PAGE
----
Wednesday, January 30, 2008

The schoolhouse of heinous abuse

His trial was told that he had inflicted “unfathomable torture” on the two small boys entrusted to his care.

St John's National School on Temple Street in Sligo town where four former teachers have been convicted of indecently assaulting young boys during the 1970s and 1980s.

St John's National School on Temple Street in Sligo town where four former teachers have been convicted of indecently assaulting young boys during the 1970s and 1980s.

Four teachers from the same primary school have been convicted on hundreds of charges, in a horrific litany of child sexual abuse spanning three decades.

Gardai now believe that at least 50 boys, and probably many more, at St John’s boys’ primary school in Sligo were sexually abused by religious and lay teachers in a period stretching from the 1960s to the 1980s.

But, despite the first informal complaint being made as early as 1983, it took a further 16 years for a dedicated garda investigation team to be appointed.

Last night, victims’ support groups warned that what happened in Sligo could happen again, unless the law is changed to make the State take responsibility for child welfare in primary schools.

Yesterday, former Marist brother Martin Meaney (65) was jailed for two years on five sample abuse charges.

He denied that a paedophile ring was in operation at the primary school where he committed his crimes.

His victim, Paul Gordon (44), who claims to have been abused by three Marist brothers at the school, tried to spark an investigation in 1983, but was not believed because he was facing charges for the killing of his father.

Mr Gordon further claimed that one of the Marist brothers was paying his father for facilitating the abuse.

“He made the complaints in the context of being on remand for killing his father, so there was a credibility problem – but he never actually made a formal complaint until 1996,” a senior garda source said last night.


Following the 1996 complaint, a small garda investigation was launched and a file went to the DPP, but no prosecution was recommended.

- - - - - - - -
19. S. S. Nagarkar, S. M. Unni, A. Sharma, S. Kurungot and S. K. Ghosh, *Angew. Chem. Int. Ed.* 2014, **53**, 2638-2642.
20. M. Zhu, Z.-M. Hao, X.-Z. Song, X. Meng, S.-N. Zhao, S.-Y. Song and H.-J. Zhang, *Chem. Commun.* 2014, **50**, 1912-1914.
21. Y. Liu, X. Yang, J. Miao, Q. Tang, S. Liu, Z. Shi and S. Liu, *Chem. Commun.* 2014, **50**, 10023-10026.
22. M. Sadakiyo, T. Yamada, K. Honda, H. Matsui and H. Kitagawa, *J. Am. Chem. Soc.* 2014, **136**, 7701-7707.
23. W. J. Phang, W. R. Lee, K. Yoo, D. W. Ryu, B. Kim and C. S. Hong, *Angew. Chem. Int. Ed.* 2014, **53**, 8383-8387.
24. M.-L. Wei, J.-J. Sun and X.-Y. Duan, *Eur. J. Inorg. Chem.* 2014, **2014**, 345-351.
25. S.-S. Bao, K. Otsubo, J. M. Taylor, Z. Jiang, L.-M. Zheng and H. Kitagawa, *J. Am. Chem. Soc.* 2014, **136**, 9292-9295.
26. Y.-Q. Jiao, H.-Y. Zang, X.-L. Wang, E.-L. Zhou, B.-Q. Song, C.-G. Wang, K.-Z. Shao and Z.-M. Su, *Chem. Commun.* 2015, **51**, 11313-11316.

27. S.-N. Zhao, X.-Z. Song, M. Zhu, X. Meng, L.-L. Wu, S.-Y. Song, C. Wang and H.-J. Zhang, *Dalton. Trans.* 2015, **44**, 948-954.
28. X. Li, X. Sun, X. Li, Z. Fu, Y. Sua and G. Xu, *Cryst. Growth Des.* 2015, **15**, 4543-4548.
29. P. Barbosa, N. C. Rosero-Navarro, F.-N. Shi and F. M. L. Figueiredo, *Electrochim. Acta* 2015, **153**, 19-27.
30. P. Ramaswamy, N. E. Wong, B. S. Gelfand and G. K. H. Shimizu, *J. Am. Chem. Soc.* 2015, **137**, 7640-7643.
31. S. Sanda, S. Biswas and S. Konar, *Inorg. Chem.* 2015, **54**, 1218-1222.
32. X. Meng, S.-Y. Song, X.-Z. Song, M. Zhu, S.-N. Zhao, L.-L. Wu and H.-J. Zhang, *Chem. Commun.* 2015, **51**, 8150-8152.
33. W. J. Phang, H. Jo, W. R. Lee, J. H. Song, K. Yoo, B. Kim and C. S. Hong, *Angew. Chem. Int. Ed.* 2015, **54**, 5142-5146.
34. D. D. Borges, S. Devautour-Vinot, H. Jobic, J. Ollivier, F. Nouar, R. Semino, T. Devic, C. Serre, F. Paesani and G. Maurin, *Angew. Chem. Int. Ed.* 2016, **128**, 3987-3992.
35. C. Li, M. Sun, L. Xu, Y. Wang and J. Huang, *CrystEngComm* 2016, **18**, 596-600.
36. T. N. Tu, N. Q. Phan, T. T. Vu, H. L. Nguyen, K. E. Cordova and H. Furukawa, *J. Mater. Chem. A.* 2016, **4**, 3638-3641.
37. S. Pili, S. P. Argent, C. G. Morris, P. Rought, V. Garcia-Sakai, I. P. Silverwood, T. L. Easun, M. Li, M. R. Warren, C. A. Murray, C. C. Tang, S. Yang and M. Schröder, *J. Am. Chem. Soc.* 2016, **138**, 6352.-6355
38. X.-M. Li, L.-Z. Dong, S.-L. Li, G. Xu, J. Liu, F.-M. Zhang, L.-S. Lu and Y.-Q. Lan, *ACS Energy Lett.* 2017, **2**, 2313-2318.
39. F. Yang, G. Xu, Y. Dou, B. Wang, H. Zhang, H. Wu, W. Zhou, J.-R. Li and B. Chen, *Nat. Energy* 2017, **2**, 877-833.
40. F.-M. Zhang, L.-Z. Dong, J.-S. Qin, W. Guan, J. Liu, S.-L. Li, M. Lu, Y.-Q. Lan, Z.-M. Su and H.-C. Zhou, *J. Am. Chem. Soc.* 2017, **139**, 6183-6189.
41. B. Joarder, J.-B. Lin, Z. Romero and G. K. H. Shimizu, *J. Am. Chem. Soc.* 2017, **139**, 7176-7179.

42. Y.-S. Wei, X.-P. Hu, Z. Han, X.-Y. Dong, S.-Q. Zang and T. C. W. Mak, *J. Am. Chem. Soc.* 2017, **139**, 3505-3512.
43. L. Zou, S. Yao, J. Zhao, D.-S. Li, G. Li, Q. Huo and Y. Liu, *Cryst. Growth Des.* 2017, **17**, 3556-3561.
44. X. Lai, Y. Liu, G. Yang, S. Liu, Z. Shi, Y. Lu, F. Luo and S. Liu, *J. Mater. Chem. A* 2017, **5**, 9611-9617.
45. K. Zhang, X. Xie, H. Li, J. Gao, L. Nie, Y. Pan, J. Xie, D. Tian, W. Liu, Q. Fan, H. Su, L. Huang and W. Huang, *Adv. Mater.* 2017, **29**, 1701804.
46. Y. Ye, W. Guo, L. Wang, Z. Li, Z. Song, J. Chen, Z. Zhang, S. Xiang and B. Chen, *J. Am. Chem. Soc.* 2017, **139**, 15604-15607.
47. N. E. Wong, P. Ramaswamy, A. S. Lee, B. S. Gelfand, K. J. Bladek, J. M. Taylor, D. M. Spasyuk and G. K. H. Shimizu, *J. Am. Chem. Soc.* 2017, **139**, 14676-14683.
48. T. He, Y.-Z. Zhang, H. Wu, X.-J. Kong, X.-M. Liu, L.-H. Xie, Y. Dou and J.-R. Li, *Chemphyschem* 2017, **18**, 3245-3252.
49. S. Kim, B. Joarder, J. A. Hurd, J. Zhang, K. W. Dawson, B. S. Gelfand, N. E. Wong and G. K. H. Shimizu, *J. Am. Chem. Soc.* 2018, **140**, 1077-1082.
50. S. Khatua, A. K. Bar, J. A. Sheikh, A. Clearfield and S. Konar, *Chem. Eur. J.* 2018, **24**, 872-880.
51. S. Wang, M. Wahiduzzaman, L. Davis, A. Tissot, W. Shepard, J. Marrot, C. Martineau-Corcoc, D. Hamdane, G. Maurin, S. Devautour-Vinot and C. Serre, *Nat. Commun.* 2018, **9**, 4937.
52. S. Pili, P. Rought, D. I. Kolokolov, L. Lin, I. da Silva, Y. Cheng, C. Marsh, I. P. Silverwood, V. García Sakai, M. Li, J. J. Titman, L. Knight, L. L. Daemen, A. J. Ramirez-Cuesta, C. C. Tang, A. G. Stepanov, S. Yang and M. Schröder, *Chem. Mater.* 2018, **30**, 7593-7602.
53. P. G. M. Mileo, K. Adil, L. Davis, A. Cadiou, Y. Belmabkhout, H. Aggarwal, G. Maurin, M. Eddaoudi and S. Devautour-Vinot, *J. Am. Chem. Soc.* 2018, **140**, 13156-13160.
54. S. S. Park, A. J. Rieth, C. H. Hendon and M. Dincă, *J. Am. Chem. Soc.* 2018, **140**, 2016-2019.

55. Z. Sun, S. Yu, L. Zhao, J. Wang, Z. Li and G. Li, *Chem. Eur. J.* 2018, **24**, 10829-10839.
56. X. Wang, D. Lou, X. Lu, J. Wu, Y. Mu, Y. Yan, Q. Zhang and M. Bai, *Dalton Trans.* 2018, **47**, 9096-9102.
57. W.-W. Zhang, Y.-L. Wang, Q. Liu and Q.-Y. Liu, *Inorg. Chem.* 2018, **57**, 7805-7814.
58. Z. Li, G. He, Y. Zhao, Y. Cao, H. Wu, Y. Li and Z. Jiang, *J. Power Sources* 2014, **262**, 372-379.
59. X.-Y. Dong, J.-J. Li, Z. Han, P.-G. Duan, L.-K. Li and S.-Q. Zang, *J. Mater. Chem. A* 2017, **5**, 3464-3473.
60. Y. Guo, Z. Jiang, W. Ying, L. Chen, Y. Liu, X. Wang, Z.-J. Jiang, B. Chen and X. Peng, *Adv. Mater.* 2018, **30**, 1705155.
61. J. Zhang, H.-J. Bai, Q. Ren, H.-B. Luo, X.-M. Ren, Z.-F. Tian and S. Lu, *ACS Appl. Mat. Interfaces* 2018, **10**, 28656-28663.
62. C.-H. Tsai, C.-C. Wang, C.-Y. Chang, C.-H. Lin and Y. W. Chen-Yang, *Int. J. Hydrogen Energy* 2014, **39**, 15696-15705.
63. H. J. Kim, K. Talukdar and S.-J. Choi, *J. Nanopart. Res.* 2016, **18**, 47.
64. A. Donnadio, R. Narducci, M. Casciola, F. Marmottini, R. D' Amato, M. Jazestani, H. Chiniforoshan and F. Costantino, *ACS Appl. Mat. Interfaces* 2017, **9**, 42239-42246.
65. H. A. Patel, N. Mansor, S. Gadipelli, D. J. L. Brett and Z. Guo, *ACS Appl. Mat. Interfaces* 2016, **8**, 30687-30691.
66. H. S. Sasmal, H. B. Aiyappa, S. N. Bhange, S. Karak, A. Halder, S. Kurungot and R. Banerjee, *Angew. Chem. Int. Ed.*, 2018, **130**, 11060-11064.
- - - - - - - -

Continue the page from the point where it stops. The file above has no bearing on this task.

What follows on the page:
In 1999, after pressure exerted by Mr Gordon’s solicitor, Assistant Commissioner Kevin Carty directed that an investigation team be set up, and the extent of the abuse was slowly uncovered by gardai .

Meaney, of Moyle Park, Clondalkin, was the fifth teacher and third religious brother to come before the courts.

Sentencing Meaney, formerly Brother Gregory, the judge expressed shock that so many teachers could be “debauching their pupils” in the same school.

“Any such ring would have been shocking ... to have (so many) teachers operating independently, separately, ignorant of each other’s criminal activity, and that the same victims were used, but not shared, is every bit as bizarre,” he said.

Another former Marist brother, who was jailed after being convicted of sexual abuse at the school, has had his conviction quashed and is facing a retrial later this year.

Despite having information, investigating gardai could find no evidence to support the existence of a paedophile ring.

When they questioned Meaney on whether he had been acting alone, he said: “I thought I was the only one.”

Last night, Deirdre Fitzpatrick, advocacy director of the One In Four support group for sexual abuse victims, said:

“The question has to be asked, who was managing this school during this reign of abuse? As the law currently stands, the boards of management have ultimate responsibility for child welfare and if something goes wrong, they are accountable.